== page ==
In addition to extending the reach of WOM’s 3,000+ employees across 10 countries–and counting–Puranik shapes future leaders and innovators of energy through The Energy Project, a program launched in 2020 by the foundation to support young minds tackling environmental challenges for sustainable development across five sectors: Alternative Power Generation, Sustainable Consumption, Waste Management, Urban Design, and Water Sustainability.

In her upcoming book, Seven Letters to My Daughters, scheduled for release on May 24th, Puranik shares lessons in love, leadership, and legacy carved out of distinct seven-year periods of her life. And if inspiring the next generation and writing a book weren’t enough, Puranik has her eyes set on building a more holistic charter school in collaboration with Baylor College of Medicine.

With just a moment to spare before she launches a new initiative, Puranik met with EnergyCapitalHTX to discuss what Energy Transition looks like from her perspective.

EnergyCapitalHTX: You’ve had an interesting career, with one foot in something very altruistic, and the other in energy–which has a reputation for being… not so altruistic, let’s say. How did you get here?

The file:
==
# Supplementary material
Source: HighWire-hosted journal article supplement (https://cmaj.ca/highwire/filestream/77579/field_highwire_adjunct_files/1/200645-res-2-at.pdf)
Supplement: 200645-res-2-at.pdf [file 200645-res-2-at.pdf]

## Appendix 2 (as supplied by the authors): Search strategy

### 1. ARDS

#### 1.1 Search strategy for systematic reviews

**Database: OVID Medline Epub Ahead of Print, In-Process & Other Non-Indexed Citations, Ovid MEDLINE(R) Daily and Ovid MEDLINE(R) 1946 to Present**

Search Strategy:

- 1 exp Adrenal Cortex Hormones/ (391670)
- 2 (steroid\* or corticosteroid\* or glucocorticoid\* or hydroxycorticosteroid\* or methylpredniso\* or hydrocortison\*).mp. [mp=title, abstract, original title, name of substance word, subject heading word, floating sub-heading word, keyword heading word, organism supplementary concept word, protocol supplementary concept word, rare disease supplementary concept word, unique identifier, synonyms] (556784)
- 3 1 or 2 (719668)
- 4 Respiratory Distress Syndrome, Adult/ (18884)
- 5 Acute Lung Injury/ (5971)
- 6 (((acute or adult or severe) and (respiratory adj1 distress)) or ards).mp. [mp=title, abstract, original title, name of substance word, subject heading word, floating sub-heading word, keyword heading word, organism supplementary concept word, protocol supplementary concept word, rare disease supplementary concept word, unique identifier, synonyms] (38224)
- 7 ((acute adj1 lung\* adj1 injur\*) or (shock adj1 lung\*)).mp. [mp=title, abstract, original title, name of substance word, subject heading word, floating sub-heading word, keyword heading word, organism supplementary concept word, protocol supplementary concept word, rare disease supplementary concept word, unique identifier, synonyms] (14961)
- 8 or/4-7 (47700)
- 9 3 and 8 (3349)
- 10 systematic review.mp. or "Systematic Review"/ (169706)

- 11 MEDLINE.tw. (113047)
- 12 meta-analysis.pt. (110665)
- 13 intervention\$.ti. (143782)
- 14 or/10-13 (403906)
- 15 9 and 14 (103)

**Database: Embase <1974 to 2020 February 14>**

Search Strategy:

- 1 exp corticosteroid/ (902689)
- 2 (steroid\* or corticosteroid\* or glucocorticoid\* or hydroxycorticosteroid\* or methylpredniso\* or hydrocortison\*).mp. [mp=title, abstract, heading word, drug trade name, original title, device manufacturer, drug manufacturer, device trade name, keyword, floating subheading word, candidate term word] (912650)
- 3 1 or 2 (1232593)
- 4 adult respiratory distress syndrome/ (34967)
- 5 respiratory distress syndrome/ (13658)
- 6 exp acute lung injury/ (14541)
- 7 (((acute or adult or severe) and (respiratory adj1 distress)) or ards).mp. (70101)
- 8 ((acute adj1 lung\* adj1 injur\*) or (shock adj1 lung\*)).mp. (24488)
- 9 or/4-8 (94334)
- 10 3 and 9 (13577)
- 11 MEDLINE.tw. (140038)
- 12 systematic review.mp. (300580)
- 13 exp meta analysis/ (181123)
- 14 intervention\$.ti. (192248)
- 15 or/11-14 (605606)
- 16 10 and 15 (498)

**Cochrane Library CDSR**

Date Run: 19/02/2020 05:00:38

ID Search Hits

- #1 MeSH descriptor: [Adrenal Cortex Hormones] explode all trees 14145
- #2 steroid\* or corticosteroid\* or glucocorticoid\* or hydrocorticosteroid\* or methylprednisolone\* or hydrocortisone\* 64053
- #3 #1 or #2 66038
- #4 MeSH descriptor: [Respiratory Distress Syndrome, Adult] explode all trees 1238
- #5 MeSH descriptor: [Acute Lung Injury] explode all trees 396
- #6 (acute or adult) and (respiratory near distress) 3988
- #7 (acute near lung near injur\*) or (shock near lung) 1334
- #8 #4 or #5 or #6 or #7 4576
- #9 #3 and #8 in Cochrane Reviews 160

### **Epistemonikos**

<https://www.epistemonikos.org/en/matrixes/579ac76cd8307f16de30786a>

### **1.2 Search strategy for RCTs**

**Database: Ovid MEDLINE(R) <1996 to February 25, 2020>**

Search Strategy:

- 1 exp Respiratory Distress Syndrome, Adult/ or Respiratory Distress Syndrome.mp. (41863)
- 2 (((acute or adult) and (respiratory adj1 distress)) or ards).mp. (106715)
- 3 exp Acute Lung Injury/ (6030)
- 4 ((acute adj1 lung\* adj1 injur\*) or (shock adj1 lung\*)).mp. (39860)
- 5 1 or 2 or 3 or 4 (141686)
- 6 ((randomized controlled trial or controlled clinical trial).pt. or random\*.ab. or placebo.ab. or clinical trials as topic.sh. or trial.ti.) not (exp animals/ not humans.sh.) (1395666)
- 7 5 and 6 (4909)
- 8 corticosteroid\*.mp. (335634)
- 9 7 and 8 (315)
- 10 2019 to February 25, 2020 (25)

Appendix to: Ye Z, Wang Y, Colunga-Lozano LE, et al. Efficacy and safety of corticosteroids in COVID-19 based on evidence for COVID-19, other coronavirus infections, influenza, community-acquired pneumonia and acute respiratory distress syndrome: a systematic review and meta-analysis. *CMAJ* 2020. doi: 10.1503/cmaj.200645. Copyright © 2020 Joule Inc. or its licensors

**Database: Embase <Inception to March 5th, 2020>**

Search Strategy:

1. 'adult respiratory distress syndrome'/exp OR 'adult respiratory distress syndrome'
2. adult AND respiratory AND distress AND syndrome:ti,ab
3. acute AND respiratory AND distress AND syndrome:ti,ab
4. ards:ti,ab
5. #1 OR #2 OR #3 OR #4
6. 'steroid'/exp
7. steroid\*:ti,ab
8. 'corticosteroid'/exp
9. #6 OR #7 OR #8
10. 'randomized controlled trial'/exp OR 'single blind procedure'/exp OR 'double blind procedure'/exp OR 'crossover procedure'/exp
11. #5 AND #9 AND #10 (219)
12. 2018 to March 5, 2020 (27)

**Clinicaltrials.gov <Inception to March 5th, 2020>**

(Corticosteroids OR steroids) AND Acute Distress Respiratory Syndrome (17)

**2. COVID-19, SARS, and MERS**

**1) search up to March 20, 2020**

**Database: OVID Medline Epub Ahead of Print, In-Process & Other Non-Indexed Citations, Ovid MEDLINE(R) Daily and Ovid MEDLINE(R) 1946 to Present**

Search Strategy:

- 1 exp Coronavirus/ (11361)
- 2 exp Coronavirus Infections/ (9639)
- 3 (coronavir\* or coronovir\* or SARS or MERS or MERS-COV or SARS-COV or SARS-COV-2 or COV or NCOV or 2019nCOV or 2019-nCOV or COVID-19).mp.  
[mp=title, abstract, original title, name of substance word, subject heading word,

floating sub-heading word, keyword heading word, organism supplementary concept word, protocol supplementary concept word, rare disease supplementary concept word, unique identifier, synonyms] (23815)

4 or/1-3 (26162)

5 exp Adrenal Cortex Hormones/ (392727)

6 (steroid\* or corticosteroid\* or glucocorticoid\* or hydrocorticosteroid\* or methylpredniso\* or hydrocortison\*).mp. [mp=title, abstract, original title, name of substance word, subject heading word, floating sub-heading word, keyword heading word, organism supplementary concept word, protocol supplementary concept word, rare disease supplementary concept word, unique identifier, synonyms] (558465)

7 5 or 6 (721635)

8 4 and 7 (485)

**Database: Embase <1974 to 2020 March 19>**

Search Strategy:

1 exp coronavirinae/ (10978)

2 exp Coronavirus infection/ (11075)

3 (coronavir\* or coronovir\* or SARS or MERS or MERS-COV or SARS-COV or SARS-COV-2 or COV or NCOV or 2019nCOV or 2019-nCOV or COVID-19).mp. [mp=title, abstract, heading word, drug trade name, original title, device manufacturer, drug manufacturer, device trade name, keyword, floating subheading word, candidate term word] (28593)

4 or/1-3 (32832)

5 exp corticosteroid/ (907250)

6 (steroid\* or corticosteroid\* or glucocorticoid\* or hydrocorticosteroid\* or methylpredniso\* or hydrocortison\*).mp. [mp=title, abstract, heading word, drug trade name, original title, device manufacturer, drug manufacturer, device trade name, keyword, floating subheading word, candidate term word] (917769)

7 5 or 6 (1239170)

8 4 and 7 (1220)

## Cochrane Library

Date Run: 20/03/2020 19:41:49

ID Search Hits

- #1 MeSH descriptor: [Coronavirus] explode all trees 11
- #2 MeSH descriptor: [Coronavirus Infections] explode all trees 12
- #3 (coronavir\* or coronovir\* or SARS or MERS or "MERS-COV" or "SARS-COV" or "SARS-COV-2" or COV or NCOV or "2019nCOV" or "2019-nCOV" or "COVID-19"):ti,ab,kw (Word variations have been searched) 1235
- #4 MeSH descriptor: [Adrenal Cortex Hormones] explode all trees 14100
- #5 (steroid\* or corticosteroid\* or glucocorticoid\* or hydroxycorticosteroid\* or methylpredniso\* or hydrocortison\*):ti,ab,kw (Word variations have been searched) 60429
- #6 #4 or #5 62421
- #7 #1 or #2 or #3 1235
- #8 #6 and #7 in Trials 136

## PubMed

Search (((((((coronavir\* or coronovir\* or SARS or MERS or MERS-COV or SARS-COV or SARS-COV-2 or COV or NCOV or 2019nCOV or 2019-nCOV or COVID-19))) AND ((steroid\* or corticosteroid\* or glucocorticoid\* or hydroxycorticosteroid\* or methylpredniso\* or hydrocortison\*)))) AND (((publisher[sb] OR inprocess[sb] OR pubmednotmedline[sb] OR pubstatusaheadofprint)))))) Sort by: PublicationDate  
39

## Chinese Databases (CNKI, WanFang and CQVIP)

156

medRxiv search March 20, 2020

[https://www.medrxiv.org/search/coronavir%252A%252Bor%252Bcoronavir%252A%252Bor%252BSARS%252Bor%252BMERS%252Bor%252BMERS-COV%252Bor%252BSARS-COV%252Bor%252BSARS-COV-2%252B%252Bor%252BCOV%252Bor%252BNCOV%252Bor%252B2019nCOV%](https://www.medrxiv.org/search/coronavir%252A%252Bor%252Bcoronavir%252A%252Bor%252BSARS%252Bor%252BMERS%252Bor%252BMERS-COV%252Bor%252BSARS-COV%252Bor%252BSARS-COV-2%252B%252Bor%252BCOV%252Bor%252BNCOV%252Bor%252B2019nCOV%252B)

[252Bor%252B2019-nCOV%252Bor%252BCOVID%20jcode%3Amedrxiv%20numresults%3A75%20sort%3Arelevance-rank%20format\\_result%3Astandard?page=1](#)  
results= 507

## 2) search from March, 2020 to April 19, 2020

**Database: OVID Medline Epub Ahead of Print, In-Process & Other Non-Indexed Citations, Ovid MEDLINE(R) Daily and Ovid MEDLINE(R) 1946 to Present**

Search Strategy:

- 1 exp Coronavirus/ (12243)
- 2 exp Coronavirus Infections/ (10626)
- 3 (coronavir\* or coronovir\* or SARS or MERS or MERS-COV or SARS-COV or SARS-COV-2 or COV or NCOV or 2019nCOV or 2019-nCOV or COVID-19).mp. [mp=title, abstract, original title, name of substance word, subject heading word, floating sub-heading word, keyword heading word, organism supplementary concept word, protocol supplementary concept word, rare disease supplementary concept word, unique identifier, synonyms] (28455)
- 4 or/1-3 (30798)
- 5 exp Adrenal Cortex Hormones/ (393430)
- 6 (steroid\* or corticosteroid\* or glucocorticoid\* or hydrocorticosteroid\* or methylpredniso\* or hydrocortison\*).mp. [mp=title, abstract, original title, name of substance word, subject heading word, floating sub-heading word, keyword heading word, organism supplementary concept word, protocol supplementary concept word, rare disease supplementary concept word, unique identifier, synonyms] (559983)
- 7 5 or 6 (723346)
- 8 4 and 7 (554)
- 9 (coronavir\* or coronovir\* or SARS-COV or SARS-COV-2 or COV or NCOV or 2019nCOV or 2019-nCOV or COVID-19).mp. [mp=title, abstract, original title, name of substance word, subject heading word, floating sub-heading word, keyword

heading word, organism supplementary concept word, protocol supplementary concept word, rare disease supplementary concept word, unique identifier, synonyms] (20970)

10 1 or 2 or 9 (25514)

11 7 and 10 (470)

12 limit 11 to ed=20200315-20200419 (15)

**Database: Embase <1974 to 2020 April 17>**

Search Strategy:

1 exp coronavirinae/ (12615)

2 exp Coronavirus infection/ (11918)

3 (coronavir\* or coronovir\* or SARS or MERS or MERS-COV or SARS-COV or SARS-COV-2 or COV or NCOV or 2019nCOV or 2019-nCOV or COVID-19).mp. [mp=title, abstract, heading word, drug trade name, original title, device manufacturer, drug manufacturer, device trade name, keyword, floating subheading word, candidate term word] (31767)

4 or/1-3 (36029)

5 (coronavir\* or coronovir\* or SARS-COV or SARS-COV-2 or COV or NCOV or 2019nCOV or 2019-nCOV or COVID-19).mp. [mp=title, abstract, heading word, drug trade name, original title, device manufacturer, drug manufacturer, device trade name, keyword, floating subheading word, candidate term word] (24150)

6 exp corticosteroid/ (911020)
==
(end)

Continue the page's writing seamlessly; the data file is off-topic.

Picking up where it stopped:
Rani Puranik: First, I'll tell you that none of it, none of it, was planned.

The 1st 17 years of my life, I lived in Houston. I went to Lamar high school thinking I was going to be an engineer. But I was on a robust and dedicated journey singing and dancing, too. I was always very active and engaged in my heritage that way.

I went to India after I graduated from high school and stayed in my parents’ vacation home, which was next to a poverty-stricken area. All I thought was, “hey, how can I help?”